The presidential race is tightening, according to the polls that journalists swear by.
But much of the coverage still portrays Donald Trump as a long shot and Hillary Clinton as a virtual shoo-in.
What’s up with that?
A giant caveat: those of us in the news business are way too addicted to polls. We treat every 2-point, margin-of-error swing in a swing state as a tremor, if not an earthquake. It’s early September, we haven’t had the debates yet, and too many of us are impersonating Karnak the Magnificent.
When Clinton jumped out to as much as a 12-point lead after the Democratic convention, many pundits were convinced, privately if not publicly, that Trump was toast. But it was fairly obvious that the race would tighten, as races tend to do, and Hillary has been slipping, especially in the wake of new revelations about her email and family foundation.
And yet here was a major headline on Politico: “Clinton’s Advisers Tell Her to Prep for a Landslide.”
Yes, “advisers to Hillary Clinton’s campaign have identified so many paths to an Election Day victory they are now focusing not only on the one or two battlegrounds that would ensure a win but on opening up the possibility of an Electoral College landslide.” And these advisers’ leaked assessments reveal “a level of confidence Clinton’s inner circle has been eager to squash for weeks.”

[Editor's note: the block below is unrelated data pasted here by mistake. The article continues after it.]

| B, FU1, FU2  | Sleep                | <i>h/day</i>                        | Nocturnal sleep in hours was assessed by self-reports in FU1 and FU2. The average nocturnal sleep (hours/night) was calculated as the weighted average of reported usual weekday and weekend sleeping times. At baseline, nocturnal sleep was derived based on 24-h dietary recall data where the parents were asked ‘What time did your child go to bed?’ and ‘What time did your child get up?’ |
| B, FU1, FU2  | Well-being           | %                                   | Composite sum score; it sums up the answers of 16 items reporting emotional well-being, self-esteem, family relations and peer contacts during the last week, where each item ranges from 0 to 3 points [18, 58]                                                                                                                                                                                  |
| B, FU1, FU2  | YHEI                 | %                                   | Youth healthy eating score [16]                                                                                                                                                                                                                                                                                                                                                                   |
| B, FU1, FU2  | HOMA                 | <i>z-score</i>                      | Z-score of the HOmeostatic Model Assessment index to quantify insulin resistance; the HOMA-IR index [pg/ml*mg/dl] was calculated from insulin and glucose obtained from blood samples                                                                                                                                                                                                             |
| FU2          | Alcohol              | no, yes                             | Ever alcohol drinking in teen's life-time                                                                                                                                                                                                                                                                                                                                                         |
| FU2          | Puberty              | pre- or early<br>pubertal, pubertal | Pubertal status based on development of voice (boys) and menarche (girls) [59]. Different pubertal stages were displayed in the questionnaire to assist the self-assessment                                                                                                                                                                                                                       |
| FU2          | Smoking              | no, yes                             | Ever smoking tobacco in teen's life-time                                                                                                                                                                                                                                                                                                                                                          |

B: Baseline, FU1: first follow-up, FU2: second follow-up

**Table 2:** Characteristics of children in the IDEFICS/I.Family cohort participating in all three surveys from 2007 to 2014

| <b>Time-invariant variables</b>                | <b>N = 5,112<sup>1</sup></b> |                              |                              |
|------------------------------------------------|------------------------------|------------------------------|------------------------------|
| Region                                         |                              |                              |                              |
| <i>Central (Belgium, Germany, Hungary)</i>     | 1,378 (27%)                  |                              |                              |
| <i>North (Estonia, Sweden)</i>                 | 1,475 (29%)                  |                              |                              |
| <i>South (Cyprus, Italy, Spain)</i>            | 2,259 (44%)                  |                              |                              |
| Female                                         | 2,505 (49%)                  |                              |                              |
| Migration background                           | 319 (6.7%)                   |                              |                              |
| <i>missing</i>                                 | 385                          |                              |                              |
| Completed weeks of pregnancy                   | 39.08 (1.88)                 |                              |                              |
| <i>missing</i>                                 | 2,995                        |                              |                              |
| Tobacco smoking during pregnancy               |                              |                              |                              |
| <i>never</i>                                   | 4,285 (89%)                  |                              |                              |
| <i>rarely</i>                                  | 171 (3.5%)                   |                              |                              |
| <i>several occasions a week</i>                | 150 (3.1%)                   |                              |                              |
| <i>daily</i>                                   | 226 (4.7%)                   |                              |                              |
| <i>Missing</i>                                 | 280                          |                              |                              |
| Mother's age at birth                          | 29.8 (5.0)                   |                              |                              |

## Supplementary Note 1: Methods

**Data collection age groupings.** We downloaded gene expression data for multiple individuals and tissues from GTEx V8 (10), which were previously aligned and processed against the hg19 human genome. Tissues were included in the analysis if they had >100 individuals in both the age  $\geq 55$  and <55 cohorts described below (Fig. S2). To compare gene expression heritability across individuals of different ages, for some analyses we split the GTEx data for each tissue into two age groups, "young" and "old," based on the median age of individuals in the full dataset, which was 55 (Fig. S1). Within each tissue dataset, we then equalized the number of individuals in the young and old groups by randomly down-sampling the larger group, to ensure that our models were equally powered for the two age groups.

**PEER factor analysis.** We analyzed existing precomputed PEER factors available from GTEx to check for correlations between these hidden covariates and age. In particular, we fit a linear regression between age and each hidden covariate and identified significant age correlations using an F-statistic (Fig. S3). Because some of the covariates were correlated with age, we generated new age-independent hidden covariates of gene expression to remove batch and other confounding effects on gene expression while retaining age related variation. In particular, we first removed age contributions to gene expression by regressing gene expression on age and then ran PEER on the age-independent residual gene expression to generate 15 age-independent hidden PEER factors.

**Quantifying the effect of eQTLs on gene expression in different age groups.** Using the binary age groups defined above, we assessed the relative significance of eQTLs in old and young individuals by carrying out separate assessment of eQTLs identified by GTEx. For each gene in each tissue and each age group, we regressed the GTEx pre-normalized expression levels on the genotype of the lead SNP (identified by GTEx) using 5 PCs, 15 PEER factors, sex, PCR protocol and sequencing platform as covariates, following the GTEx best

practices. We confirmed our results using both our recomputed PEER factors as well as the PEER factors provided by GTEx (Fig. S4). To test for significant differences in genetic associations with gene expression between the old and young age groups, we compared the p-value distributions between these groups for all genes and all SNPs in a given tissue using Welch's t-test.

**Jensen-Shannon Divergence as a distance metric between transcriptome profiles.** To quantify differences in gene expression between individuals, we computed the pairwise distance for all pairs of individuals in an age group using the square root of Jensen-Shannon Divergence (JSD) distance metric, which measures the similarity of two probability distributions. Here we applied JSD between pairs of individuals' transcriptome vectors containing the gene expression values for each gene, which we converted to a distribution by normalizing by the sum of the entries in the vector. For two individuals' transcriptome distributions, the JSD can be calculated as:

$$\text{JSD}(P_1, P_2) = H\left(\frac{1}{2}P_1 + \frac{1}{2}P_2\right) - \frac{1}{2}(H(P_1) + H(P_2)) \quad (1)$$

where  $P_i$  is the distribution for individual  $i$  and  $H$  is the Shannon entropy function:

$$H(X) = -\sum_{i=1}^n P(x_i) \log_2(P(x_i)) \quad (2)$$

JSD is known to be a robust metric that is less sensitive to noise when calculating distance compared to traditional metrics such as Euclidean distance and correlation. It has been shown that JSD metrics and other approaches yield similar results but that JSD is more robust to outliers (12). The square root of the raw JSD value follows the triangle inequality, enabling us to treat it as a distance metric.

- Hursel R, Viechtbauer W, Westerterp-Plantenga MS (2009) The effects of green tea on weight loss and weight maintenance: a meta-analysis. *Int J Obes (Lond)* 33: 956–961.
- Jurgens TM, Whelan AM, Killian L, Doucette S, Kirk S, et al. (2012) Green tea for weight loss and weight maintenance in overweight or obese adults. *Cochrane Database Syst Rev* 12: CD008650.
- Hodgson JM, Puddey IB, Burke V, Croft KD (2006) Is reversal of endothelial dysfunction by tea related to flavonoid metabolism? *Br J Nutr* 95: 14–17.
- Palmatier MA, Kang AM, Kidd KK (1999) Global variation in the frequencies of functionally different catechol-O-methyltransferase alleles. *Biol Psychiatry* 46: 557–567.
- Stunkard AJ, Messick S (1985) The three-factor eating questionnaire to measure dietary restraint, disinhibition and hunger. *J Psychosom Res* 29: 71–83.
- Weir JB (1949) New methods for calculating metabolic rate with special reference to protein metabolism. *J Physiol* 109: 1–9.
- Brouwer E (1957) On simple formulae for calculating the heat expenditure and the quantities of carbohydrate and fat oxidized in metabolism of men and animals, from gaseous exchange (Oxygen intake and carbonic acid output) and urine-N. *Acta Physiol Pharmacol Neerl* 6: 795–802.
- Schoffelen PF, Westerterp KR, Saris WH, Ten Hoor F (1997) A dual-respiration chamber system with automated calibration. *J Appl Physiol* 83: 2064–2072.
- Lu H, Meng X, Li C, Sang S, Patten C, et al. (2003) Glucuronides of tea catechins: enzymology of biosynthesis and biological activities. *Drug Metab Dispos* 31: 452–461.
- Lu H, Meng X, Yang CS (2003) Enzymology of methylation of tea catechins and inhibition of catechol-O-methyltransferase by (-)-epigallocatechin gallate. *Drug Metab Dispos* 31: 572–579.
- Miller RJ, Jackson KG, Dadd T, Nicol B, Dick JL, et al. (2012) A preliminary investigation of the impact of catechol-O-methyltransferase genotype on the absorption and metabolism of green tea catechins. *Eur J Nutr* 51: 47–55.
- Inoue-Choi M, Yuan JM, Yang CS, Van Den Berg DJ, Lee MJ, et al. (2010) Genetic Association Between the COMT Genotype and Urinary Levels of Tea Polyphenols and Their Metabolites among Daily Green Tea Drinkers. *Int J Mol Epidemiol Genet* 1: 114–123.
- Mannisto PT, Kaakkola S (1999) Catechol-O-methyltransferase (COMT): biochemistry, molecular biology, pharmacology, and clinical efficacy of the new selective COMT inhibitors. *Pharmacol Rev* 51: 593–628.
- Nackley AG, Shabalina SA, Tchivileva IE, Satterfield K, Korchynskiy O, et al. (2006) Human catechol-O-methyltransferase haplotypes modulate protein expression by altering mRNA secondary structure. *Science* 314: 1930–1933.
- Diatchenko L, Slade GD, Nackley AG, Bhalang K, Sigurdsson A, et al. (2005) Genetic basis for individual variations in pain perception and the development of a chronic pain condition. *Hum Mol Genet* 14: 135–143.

The same day, there was another Politico headline. “Inside Trump Tower: Facing Grim Reality.”
That story flatly declared: “Donald Trump’s campaign is teetering, threatening to collapse under the weight of a candidate whose personality outweighs his political skill.”
Threatening to collapse. Wow.
No wonder we’re seeing more stories about Clinton’s White House agenda, Clinton’s potential Cabinet picks, and whether reaching out to moderate Republicans will push Madame President toward the center.
Now Clinton is the front-runner, no question about it. But a Fox News poll has her up by just 2 points in a four-way race (and 6 points in a head-to-head, down from 10 points in early August). Morning Consult shows Clinton by 2. IBD has them tied. Rasmussen has Trump by 1 point. The L.A. Times puts Trump up by 2. USA Today has Clinton by 7.
After the horrible stretch that Trump endured over the summer, that is a competitive race.
Now the battleground polls are what count, and there Clinton is ahead, by varying margins, in virtually all key states. She has succeeded in making such reliably red states as Arizona and Utah at least competitive, while Trump hasn’t been able to do that in such traditionally blue states as Pennsylvania and Michigan.
But he’s within striking distance in enough states that he could wind up at 270.
Bottom line: The geniuses who declared that Trump could never win the GOP nomination ought to be careful about saying, implying or insinuating that he can never win the White House.
At least until October.
Howard Kurtz is a Fox News analyst and the host of "MediaBuzz" (Sundays 11 a.m. and 5 p.m. ET). He is the author of five books and is based in Washington. Follow him at @HowardKurtz. Click here for more information on Howard Kurtz.